All those new Denver restaurants have to compete for workers, and it’s getting tougher

“You used to have an interview, bring the person in, eye-to-eye contact, seeing the guy’s not a serial killer. But nowadays … “

Executive Chef Kevin Savoy (left) and owner/operator Ron Robinson at Gaetano's on Tejon Street, Highland, Nov. 6, 2017. (Kevin J. Beaty/Denverite)

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Executive Chef Kevin Savoy (left) and owner/operator Ron Robinson at Gaetano's on Tejon Street, Highland, Nov. 6, 2017. (Kevin J. Beaty/Denverite) gaetanos; food; highland; restaurant; kevinjbeaty; denver; denverite; colorado; bar;
Gaetano’s owner Ron Robinson (right) with executive chef Kevin Savoy at Gaetano’s, Nov. 6, 2017. (Kevin J. Beaty/Denverite)

Ask a restaurant owner today about the biggest challenges in Denver’s dining and nightlife industry and you’ll hear about a staff shortage.

“You probably hear the same thing over and over again, and it’s relatively true,” said Ron Robinson, owner of 70-year-old north Denver favorite Gaetano’s. “It seems like trying to get good help is hard. I’m on Craigslist every week just looking for the right people. There’s such an influx of restaurants right now, it’s hard.”

“We just hired 120 people. That’s not been without challenges,” said Kevin Delk, owner of Beatrice & Woodsley and the soon-to-open Bang Up To The Elephant. “It’s super perplexing considering how many people have been moving into the city and so rapidly. We basically just keep running ads over and over.”

“It’s a tough city. It’s getting more and more expensive. It’s getting harder and harder to compete as a restaurant,” Peter Newlin, president of Park Burger, told Denverite last year. “Honestly, it scares me. It scares me because now there’s more of these jobs than there’ve ever been before. … Years ago, we would have 70 people apply for one job. Now we have 70 jobs and it’s become harder and harder to develop and grow team members.”

“They are all talking about the same thing, and that is the challenge of finding workers,” said Carolyn Livingston, communications director for the Colorado Restaurant Association. 

“Sometimes someone will call in Friday night or Saturday night and say, ‘I got another job.’  You don’t budget yourself for extra help,” Robinson said. “You used to have an interview, bring the person in, eye-to-eye contact, seeing the guy’s not a serial killer. But nowadays, if there’s somebody on the other end breathing, you gotta hire that person.”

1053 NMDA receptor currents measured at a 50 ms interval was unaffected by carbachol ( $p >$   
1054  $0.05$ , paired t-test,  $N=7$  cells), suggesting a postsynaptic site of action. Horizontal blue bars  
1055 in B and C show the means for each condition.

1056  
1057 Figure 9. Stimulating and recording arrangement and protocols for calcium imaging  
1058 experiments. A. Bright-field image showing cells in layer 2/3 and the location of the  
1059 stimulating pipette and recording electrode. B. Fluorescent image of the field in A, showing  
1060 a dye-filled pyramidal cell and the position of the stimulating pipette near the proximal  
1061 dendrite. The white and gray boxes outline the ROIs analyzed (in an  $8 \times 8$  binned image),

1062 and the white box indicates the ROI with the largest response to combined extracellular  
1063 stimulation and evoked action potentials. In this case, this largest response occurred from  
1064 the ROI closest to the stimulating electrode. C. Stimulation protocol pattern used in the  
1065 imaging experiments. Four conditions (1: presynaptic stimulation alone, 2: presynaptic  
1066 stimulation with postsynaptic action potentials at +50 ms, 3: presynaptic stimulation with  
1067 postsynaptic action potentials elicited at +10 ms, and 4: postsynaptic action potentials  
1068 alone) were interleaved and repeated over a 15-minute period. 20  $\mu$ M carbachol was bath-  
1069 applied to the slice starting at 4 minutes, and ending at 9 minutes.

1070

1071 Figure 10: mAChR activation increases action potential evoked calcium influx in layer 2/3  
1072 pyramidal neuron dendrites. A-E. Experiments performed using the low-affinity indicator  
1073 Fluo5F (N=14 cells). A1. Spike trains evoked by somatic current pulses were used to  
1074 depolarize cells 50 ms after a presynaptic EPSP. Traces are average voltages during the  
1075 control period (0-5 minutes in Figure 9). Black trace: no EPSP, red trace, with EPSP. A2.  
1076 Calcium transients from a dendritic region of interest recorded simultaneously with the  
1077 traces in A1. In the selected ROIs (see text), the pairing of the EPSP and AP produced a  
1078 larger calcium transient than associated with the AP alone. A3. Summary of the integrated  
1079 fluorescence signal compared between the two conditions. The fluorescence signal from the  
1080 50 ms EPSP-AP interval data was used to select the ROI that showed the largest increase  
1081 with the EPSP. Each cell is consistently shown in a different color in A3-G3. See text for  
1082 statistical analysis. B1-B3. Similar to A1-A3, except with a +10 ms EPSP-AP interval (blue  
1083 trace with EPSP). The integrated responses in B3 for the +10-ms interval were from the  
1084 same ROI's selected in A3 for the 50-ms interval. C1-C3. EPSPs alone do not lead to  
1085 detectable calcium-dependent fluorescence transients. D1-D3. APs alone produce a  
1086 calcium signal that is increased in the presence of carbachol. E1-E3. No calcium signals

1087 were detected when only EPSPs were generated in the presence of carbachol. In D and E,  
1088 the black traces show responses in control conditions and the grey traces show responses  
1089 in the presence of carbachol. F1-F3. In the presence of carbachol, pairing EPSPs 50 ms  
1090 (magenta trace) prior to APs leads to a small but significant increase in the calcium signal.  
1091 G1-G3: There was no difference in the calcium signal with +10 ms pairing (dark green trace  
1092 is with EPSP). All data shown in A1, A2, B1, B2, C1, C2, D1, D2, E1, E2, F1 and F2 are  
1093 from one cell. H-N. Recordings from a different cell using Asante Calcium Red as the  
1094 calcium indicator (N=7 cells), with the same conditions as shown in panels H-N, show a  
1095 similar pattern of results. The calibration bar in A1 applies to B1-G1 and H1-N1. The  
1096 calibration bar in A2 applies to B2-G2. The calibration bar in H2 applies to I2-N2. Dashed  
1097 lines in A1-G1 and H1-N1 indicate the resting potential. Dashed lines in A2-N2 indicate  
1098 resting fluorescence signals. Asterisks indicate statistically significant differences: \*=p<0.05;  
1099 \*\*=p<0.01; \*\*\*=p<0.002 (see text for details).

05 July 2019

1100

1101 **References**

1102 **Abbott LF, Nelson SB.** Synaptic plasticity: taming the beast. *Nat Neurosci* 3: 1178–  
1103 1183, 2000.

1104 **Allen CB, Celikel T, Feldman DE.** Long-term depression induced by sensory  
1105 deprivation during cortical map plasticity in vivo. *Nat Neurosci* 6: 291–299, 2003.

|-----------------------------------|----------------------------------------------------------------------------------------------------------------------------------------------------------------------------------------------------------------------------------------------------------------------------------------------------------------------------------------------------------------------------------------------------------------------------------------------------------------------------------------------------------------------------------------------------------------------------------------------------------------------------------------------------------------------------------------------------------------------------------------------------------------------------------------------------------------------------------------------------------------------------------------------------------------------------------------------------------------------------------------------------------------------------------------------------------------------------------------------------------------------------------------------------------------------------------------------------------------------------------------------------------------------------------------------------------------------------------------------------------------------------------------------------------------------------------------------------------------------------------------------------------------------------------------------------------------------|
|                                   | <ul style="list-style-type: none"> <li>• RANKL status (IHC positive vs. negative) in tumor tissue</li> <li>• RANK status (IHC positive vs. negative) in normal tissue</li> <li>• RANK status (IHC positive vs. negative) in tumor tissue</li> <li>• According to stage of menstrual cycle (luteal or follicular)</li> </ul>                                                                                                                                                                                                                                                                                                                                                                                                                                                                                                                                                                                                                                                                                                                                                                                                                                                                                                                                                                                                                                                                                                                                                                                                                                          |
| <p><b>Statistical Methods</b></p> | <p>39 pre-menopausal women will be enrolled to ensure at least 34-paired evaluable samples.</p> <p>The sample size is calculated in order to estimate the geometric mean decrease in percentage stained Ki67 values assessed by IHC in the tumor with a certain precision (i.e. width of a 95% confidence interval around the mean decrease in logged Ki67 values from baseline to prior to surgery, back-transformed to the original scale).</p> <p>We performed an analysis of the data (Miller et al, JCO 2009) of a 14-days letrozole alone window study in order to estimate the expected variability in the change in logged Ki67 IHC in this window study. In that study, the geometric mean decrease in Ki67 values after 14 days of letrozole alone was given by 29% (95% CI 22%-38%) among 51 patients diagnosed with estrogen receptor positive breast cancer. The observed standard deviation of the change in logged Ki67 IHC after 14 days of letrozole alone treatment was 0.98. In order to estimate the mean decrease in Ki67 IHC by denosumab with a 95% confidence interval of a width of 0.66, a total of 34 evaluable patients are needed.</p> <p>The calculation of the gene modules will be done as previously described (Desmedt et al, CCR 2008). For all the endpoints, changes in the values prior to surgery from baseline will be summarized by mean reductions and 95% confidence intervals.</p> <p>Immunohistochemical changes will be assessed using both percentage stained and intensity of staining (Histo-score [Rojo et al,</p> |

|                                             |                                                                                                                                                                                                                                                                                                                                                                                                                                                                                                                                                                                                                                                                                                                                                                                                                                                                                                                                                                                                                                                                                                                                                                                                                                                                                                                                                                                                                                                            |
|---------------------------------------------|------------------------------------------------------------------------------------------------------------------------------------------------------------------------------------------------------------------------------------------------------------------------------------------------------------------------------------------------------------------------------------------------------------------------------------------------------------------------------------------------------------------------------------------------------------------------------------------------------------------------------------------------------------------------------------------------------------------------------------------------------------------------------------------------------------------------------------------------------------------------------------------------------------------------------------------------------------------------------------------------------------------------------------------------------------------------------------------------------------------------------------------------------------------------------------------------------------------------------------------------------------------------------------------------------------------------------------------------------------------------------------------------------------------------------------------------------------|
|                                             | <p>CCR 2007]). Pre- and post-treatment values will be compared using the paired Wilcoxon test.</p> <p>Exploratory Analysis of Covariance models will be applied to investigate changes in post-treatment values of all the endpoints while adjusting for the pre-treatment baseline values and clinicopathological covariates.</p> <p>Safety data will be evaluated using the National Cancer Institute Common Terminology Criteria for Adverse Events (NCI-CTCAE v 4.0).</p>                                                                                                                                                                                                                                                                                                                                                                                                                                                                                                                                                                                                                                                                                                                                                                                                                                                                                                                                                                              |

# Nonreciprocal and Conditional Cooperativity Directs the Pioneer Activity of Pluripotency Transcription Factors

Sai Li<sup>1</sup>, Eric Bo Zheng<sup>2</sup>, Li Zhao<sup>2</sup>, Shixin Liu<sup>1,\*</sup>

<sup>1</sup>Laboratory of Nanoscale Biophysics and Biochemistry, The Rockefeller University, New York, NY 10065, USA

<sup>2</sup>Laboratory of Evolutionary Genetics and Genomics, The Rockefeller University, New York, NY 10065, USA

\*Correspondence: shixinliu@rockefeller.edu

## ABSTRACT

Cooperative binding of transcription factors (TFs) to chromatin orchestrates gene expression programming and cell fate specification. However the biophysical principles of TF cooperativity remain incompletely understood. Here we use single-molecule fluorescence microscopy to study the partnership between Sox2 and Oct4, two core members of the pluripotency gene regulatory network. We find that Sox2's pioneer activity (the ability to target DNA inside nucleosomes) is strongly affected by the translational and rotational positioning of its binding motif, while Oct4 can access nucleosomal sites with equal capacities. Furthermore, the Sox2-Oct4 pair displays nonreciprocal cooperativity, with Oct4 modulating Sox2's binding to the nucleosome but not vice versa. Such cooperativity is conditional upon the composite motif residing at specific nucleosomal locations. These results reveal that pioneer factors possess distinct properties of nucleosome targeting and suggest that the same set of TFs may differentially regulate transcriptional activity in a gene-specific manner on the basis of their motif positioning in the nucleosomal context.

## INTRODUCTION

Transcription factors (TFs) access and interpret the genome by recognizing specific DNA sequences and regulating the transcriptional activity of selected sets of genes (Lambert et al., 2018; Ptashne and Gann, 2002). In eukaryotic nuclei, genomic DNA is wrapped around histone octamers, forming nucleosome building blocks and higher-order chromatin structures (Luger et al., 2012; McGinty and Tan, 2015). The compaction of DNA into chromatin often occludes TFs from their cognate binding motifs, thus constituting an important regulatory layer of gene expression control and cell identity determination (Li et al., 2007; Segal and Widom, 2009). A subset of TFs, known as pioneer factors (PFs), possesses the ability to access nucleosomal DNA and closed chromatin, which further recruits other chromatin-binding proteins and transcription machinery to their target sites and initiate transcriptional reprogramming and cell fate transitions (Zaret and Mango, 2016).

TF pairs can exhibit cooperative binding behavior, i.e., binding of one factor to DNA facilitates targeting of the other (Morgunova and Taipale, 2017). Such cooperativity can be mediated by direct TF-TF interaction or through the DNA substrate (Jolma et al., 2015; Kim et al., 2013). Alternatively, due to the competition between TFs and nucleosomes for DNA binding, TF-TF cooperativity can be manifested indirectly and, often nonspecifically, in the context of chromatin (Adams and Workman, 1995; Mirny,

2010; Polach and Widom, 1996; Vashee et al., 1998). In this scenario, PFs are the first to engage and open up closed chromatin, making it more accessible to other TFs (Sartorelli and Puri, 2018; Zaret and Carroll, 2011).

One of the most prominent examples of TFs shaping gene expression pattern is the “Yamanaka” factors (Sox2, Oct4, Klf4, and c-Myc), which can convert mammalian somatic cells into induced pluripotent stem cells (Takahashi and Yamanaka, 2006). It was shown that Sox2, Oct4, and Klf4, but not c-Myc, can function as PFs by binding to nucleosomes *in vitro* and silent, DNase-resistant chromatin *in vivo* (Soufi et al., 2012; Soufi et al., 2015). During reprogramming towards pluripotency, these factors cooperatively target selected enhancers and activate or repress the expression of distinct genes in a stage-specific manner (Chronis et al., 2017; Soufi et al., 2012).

The future site of Bang Up To The Elephant on Pearl Street, Jan. 22, 2018. (Kevin J. Beaty/Denverite) capitol hill; commercial real estate; denver; colorado; restaurants; kevinjbeaty; denverite;
The future site of Bang Up To The Elephant on Pearl Street, Jan. 22, 2018. (Kevin J. Beaty/Denverite)
Blame it on the boom.

It’s true: You’d think that a bigger population would come with a bigger pool of potential workers. But it’s not working out that way.

The problem is that the population boom has actually come with a bit of a restaurant boom, too.

According to Department of Revenue data, the Colorado restaurant industry had about $12 billion in sales in 2016, which Livingston says is up from up from $8 billion in 2010. The data also shows that the restaurant industry employed 280,000 people at 11,526 locations across the state in 2016 — about 10 percent of Colorado’s employment.

In Denver alone, there were 44,503 employees at 2,033 establishments in 2016. That’s up from 42,415 employees and 1,960 establishments in 2015 and 39,862 employees and 1,860 establishments in 2014. That’s an 11.6 percent increase in employees and a 9.3 percent increase in establishments.

What that’s meant for restaurateurs is that there just aren’t that many skilled workers looking for jobs, and those that are have a lot of options.

“I have never experienced this in all my time in this industry,” said Robinson, who’s been in it for 30 years. In addition to having trouble finding qualified workers in the first place, he’s been having trouble keeping them, too.

Delk has been in the business here in Denver for 20 years, and as he gets ready to open Bang Up To The Elephant in Capitol Hill, he’s finding staffing harder than it was when he opened his first restaurant in 2003. Back then, he saw around 700 applications for 30 or 40 jobs in about a week and half.

It wasn’t quite so dramatic when he opened Beatrice & Woodsley in 2008, but he saw a decent turnout of decent talent. But now, as he and his team prepare to open the doors at Bang Up To The Elephant, the pool is a lot shallower. He estimates that about one in five people who applied were actually qualified.